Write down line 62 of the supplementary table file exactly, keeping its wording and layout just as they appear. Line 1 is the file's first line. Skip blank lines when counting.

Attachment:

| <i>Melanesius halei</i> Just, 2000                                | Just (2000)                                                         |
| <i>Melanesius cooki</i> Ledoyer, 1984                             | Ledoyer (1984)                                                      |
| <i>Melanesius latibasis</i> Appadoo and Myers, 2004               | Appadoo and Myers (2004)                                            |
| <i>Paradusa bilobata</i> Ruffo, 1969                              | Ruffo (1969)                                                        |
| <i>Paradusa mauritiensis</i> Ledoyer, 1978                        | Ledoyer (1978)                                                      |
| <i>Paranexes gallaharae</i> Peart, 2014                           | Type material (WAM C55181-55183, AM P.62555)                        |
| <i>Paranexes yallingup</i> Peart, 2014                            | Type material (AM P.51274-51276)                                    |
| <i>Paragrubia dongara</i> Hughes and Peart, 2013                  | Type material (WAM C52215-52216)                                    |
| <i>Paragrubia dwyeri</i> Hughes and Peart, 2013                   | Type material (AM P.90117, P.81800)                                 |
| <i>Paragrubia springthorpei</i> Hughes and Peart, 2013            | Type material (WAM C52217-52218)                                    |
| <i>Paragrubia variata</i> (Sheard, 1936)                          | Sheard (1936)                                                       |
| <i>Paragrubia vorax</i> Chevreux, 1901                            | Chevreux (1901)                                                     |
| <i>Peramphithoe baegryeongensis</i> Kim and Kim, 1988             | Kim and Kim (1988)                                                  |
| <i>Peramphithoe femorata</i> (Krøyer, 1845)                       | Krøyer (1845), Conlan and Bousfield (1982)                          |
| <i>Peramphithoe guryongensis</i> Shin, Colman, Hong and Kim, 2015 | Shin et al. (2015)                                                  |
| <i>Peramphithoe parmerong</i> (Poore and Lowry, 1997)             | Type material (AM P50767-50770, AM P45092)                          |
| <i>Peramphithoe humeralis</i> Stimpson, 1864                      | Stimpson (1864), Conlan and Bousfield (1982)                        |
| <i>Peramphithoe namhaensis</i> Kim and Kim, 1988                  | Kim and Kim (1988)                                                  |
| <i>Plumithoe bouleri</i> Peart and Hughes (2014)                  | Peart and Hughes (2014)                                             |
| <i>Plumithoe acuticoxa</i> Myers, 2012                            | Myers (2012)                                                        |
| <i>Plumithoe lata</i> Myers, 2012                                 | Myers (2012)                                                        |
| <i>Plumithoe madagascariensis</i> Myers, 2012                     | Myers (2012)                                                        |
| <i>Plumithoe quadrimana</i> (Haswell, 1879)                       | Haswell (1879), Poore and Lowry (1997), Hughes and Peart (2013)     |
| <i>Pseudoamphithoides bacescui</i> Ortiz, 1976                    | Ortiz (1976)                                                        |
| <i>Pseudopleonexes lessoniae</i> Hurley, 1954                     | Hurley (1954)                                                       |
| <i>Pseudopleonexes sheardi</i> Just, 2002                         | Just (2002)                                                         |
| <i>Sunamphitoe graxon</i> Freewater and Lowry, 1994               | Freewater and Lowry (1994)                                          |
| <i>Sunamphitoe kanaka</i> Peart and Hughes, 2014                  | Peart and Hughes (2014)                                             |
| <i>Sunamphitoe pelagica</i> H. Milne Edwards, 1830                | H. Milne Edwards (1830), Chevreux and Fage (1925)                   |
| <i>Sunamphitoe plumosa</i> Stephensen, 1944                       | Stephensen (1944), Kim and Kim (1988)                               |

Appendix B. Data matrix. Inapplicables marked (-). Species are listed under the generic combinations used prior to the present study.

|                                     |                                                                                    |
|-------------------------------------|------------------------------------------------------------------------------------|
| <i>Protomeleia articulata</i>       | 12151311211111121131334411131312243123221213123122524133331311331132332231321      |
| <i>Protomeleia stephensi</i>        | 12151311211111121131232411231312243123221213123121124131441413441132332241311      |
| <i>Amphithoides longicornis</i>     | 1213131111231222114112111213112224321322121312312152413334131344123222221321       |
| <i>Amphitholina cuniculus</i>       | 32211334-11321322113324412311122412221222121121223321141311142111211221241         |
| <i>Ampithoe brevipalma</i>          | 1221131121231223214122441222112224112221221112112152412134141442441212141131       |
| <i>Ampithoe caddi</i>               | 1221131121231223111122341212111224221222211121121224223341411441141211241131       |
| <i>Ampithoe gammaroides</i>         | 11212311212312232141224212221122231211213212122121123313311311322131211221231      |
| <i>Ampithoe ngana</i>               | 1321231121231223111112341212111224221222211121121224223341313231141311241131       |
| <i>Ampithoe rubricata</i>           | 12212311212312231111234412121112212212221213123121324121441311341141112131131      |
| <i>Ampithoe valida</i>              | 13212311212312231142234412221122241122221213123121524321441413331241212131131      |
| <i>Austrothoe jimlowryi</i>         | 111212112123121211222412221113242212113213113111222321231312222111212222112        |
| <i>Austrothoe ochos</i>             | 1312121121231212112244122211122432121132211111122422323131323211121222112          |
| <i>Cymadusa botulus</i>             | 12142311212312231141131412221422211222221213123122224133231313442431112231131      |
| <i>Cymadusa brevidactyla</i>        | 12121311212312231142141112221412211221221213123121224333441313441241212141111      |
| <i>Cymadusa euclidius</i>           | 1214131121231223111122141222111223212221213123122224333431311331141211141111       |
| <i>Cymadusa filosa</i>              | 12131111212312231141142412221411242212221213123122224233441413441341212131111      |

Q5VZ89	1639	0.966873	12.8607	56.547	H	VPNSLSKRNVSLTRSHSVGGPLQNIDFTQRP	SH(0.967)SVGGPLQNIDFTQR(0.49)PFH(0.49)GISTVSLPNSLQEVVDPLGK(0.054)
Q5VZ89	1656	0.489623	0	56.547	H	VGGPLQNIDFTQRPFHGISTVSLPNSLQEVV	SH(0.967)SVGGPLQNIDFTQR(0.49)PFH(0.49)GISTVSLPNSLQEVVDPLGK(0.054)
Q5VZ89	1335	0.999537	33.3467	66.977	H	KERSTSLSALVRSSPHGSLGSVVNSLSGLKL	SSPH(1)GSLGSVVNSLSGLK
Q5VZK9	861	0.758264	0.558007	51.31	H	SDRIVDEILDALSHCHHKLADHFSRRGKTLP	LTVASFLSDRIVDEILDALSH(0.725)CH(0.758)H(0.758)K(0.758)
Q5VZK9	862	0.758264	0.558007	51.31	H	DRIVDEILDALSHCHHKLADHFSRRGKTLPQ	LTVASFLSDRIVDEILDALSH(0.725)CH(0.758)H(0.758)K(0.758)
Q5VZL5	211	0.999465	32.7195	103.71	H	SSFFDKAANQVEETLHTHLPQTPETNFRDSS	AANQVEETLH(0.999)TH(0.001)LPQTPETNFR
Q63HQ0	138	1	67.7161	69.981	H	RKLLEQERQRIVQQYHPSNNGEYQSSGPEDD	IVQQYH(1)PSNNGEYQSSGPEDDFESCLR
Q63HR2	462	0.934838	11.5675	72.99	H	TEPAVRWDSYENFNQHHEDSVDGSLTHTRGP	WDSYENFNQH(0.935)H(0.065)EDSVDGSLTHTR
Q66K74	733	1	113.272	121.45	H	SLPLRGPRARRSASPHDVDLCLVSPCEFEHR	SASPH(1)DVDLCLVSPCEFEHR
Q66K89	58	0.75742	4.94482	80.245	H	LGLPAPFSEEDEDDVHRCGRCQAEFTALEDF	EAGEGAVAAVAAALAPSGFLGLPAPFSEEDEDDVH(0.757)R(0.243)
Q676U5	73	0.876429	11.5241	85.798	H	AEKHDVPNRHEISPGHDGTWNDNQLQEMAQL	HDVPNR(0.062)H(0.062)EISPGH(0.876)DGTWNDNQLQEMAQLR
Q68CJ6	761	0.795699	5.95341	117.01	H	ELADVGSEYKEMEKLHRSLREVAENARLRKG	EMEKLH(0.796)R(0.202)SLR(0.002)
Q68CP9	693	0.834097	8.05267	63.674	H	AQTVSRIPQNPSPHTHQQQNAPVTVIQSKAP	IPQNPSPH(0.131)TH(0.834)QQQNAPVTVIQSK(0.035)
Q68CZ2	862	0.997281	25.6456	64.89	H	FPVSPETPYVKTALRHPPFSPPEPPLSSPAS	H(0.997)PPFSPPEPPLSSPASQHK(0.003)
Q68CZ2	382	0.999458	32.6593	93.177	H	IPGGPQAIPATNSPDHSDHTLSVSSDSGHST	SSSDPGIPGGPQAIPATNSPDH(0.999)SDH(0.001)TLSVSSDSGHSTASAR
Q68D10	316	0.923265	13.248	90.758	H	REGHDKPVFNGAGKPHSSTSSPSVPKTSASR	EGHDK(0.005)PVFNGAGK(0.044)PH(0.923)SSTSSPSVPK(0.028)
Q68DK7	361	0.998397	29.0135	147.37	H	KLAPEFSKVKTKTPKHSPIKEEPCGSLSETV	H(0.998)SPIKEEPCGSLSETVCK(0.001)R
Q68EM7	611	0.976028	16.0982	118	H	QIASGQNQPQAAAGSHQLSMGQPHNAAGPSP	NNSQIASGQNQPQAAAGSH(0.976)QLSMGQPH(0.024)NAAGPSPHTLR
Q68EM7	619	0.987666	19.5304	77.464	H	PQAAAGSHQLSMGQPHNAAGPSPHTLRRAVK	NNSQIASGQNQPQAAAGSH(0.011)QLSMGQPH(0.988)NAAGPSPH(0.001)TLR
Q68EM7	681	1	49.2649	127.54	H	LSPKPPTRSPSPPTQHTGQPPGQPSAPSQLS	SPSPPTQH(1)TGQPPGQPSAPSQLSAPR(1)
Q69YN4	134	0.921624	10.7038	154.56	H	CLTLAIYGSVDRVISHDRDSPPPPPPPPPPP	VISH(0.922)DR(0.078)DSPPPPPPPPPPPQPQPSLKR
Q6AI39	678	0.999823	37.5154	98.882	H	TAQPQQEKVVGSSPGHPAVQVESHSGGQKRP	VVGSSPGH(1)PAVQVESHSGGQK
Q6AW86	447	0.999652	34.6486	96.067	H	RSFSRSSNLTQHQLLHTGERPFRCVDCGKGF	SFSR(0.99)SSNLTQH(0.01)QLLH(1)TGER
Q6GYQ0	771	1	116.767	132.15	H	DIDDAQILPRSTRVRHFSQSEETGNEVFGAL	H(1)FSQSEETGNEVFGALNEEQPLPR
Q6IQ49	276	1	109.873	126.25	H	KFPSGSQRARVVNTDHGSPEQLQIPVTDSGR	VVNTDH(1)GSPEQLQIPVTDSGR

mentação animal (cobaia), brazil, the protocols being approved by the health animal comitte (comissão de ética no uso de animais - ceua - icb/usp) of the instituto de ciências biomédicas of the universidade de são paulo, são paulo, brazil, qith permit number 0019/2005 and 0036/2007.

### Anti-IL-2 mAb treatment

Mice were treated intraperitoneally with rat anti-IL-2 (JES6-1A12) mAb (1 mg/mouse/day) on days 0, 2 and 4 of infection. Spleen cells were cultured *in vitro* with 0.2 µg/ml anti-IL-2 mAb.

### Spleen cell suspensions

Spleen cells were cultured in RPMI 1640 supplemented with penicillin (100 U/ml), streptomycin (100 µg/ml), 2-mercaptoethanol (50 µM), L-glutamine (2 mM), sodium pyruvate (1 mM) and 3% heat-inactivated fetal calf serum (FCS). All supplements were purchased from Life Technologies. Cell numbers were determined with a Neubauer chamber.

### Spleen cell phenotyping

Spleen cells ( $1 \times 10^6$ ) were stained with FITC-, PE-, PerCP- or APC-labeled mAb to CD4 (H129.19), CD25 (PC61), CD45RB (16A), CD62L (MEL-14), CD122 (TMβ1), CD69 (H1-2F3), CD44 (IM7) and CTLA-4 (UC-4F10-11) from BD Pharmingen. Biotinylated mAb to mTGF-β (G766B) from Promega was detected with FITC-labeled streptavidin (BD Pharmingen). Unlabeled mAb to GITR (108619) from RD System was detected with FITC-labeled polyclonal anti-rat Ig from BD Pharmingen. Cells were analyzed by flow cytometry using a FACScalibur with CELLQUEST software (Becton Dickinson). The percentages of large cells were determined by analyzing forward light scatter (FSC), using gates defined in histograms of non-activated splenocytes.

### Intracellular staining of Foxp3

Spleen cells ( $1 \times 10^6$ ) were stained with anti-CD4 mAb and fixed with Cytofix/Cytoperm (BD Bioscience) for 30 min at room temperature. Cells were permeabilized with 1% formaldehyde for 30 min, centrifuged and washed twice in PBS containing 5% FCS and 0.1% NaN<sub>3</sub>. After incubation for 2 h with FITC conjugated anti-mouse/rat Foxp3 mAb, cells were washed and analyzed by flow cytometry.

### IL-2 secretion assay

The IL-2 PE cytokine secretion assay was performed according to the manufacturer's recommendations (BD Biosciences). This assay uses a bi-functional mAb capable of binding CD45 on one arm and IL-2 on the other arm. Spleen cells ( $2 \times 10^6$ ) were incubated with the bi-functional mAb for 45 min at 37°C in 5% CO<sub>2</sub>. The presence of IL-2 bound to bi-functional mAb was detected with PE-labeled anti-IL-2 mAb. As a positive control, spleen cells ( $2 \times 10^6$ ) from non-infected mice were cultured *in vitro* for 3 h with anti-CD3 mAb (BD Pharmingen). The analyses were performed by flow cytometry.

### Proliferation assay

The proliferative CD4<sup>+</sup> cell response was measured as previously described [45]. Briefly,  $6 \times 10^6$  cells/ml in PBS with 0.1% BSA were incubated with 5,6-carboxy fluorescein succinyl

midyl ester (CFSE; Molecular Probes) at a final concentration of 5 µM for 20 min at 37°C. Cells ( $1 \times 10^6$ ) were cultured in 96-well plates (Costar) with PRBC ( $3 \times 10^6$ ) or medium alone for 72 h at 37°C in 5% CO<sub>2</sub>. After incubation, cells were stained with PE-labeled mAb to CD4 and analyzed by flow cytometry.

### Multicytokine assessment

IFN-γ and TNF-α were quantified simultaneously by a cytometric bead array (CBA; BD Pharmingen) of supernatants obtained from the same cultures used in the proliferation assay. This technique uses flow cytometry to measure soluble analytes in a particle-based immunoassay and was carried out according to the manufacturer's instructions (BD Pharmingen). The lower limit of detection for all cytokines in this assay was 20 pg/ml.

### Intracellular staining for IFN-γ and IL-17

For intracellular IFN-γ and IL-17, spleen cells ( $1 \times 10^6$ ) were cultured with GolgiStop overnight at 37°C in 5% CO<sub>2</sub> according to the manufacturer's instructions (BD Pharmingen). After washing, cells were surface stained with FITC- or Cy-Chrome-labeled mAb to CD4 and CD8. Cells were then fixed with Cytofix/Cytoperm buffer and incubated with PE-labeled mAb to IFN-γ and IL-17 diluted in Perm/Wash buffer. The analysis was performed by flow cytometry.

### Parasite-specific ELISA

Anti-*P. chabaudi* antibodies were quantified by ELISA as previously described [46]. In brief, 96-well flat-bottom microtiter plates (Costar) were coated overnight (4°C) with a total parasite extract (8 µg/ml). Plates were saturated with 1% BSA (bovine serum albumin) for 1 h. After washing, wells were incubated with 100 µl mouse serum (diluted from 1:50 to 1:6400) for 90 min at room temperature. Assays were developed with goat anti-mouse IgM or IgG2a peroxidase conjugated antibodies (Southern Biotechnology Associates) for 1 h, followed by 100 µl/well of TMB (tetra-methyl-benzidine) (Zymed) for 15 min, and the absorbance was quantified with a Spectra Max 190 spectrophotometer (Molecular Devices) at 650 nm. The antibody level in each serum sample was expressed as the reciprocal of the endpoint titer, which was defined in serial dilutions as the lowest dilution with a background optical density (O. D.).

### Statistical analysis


Q68CP9	693	0.834097	8.05267	63.674	H	AQTVSRIPQNPSPHTHQQQNAPVTVIQSKAP	IPQNPSPH(0.131)TH(0.834)QQQNAPVTVIQSK(0.035)